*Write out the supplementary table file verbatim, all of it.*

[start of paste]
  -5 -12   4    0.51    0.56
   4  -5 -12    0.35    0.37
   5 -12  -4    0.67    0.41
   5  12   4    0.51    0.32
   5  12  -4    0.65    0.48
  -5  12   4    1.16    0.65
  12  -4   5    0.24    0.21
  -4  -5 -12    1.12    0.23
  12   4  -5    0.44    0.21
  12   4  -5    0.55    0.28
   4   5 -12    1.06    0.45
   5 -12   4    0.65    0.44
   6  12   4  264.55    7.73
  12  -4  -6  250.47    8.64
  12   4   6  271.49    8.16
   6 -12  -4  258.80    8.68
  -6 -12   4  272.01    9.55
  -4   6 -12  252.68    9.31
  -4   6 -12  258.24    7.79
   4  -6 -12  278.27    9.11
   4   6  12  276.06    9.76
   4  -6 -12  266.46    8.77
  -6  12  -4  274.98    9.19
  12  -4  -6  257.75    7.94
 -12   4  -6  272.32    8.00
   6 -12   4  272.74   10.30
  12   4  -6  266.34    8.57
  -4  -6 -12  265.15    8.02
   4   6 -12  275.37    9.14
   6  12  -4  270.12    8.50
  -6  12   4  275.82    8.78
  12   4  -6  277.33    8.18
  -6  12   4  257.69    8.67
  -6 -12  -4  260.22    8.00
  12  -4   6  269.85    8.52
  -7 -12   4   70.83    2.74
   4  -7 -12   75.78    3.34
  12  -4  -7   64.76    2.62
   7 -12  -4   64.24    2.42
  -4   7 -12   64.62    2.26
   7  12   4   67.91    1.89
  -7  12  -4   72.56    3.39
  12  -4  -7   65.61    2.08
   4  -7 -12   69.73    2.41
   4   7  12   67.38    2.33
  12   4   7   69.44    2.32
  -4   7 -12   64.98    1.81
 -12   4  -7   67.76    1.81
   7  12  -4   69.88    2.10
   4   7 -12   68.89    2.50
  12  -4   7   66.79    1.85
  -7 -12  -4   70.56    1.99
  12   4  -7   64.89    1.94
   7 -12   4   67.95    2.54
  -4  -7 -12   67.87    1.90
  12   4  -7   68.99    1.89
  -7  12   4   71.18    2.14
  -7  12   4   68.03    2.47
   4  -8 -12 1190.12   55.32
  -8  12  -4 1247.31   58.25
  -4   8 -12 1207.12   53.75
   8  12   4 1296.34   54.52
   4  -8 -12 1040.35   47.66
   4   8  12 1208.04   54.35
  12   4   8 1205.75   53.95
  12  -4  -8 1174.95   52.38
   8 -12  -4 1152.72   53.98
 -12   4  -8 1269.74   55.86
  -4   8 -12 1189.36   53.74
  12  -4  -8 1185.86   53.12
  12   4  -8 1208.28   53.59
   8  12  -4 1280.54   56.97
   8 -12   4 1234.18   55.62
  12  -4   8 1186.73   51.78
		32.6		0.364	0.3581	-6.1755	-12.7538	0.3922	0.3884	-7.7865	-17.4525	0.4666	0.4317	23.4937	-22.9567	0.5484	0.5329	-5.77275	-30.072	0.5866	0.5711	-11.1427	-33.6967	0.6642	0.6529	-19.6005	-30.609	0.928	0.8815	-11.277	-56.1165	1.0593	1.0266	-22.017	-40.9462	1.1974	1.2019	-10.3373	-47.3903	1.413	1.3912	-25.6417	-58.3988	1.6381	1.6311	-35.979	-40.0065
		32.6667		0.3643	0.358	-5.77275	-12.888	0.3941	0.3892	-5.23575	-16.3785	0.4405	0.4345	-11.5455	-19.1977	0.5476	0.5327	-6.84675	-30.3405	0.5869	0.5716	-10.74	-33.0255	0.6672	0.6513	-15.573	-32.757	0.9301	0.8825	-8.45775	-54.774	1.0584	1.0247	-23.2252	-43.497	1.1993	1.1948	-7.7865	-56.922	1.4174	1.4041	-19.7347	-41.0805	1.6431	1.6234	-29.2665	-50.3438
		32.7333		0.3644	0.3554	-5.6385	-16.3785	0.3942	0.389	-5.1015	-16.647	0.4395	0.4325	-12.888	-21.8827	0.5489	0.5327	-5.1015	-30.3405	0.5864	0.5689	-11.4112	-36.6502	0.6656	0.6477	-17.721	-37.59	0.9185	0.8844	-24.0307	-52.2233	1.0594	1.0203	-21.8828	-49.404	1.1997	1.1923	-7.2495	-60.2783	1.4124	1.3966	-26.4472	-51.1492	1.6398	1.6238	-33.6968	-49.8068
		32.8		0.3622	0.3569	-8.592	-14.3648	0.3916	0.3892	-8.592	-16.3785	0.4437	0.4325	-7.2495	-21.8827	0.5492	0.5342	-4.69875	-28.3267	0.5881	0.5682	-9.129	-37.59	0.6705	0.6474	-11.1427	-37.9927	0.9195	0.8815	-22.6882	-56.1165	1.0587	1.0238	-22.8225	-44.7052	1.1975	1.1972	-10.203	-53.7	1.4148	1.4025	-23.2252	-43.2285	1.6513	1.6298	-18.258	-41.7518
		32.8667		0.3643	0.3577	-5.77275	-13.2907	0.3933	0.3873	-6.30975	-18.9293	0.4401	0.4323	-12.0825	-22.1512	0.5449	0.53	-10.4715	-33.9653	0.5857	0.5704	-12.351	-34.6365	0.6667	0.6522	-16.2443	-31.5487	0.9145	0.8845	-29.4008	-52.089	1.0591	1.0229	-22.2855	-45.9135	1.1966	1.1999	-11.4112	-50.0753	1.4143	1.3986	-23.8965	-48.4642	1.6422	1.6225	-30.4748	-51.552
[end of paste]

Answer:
  -5 -12   4    0.51    0.56
   4  -5 -12    0.35    0.37
   5 -12  -4    0.67    0.41
   5  12   4    0.51    0.32
   5  12  -4    0.65    0.48
  -5  12   4    1.16    0.65
  12  -4   5    0.24    0.21
  -4  -5 -12    1.12    0.23
  12   4  -5    0.44    0.21
  12   4  -5    0.55    0.28
   4   5 -12    1.06    0.45
   5 -12   4    0.65    0.44
   6  12   4  264.55    7.73
  12  -4  -6  250.47    8.64
  12   4   6  271.49    8.16
   6 -12  -4  258.80    8.68
  -6 -12   4  272.01    9.55
  -4   6 -12  252.68    9.31
  -4   6 -12  258.24    7.79
   4  -6 -12  278.27    9.11
   4   6  12  276.06    9.76
   4  -6 -12  266.46    8.77
  -6  12  -4  274.98    9.19
  12  -4  -6  257.75    7.94
 -12   4  -6  272.32    8.00
   6 -12   4  272.74   10.30
  12   4  -6  266.34    8.57
  -4  -6 -12  265.15    8.02
   4   6 -12  275.37    9.14
   6  12  -4  270.12    8.50
  -6  12   4  275.82    8.78
  12   4  -6  277.33    8.18
  -6  12   4  257.69    8.67
  -6 -12  -4  260.22    8.00
  12  -4   6  269.85    8.52
  -7 -12   4   70.83    2.74
   4  -7 -12   75.78    3.34
  12  -4  -7   64.76    2.62
   7 -12  -4   64.24    2.42
  -4   7 -12   64.62    2.26
   7  12   4   67.91    1.89
  -7  12  -4   72.56    3.39
  12  -4  -7   65.61    2.08
   4  -7 -12   69.73    2.41
   4   7  12   67.38    2.33
  12   4   7   69.44    2.32
  -4   7 -12   64.98    1.81
 -12   4  -7   67.76    1.81
   7  12  -4   69.88    2.10
   4   7 -12   68.89    2.50
  12  -4   7   66.79    1.85
  -7 -12  -4   70.56    1.99
  12   4  -7   64.89    1.94
   7 -12   4   67.95    2.54
  -4  -7 -12   67.87    1.90
  12   4  -7   68.99    1.89
  -7  12   4   71.18    2.14
  -7  12   4   68.03    2.47
   4  -8 -12 1190.12   55.32
  -8  12  -4 1247.31   58.25
  -4   8 -12 1207.12   53.75
   8  12   4 1296.34   54.52
   4  -8 -12 1040.35   47.66
   4   8  12 1208.04   54.35
  12   4   8 1205.75   53.95
  12  -4  -8 1174.95   52.38
   8 -12  -4 1152.72   53.98
 -12   4  -8 1269.74   55.86
  -4   8 -12 1189.36   53.74
  12  -4  -8 1185.86   53.12
  12   4  -8 1208.28   53.59
   8  12  -4 1280.54   56.97
   8 -12   4 1234.18   55.62
  12  -4   8 1186.73   51.78
		32.6		0.364	0.3581	-6.1755	-12.7538	0.3922	0.3884	-7.7865	-17.4525	0.4666	0.4317	23.4937	-22.9567	0.5484	0.5329	-5.77275	-30.072	0.5866	0.5711	-11.1427	-33.6967	0.6642	0.6529	-19.6005	-30.609	0.928	0.8815	-11.277	-56.1165	1.0593	1.0266	-22.017	-40.9462	1.1974	1.2019	-10.3373	-47.3903	1.413	1.3912	-25.6417	-58.3988	1.6381	1.6311	-35.979	-40.0065
		32.6667		0.3643	0.358	-5.77275	-12.888	0.3941	0.3892	-5.23575	-16.3785	0.4405	0.4345	-11.5455	-19.1977	0.5476	0.5327	-6.84675	-30.3405	0.5869	0.5716	-10.74	-33.0255	0.6672	0.6513	-15.573	-32.757	0.9301	0.8825	-8.45775	-54.774	1.0584	1.0247	-23.2252	-43.497	1.1993	1.1948	-7.7865	-56.922	1.4174	1.4041	-19.7347	-41.0805	1.6431	1.6234	-29.2665	-50.3438
		32.7333		0.3644	0.3554	-5.6385	-16.3785	0.3942	0.389	-5.1015	-16.647	0.4395	0.4325	-12.888	-21.8827	0.5489	0.5327	-5.1015	-30.3405	0.5864	0.5689	-11.4112	-36.6502	0.6656	0.6477	-17.721	-37.59	0.9185	0.8844	-24.0307	-52.2233	1.0594	1.0203	-21.8828	-49.404	1.1997	1.1923	-7.2495	-60.2783	1.4124	1.3966	-26.4472	-51.1492	1.6398	1.6238	-33.6968	-49.8068
		32.8		0.3622	0.3569	-8.592	-14.3648	0.3916	0.3892	-8.592	-16.3785	0.4437	0.4325	-7.2495	-21.8827	0.5492	0.5342	-4.69875	-28.3267	0.5881	0.5682	-9.129	-37.59	0.6705	0.6474	-11.1427	-37.9927	0.9195	0.8815	-22.6882	-56.1165	1.0587	1.0238	-22.8225	-44.7052	1.1975	1.1972	-10.203	-53.7	1.4148	1.4025	-23.2252	-43.2285	1.6513	1.6298	-18.258	-41.7518
		32.8667		0.3643	0.3577	-5.77275	-13.2907	0.3933	0.3873	-6.30975	-18.9293	0.4401	0.4323	-12.0825	-22.1512	0.5449	0.53	-10.4715	-33.9653	0.5857	0.5704	-12.351	-34.6365	0.6667	0.6522	-16.2443	-31.5487	0.9145	0.8845	-29.4008	-52.089	1.0591	1.0229	-22.2855	-45.9135	1.1966	1.1999	-11.4112	-50.0753	1.4143	1.3986	-23.8965	-48.4642	1.6422	1.6225	-30.4748	-51.552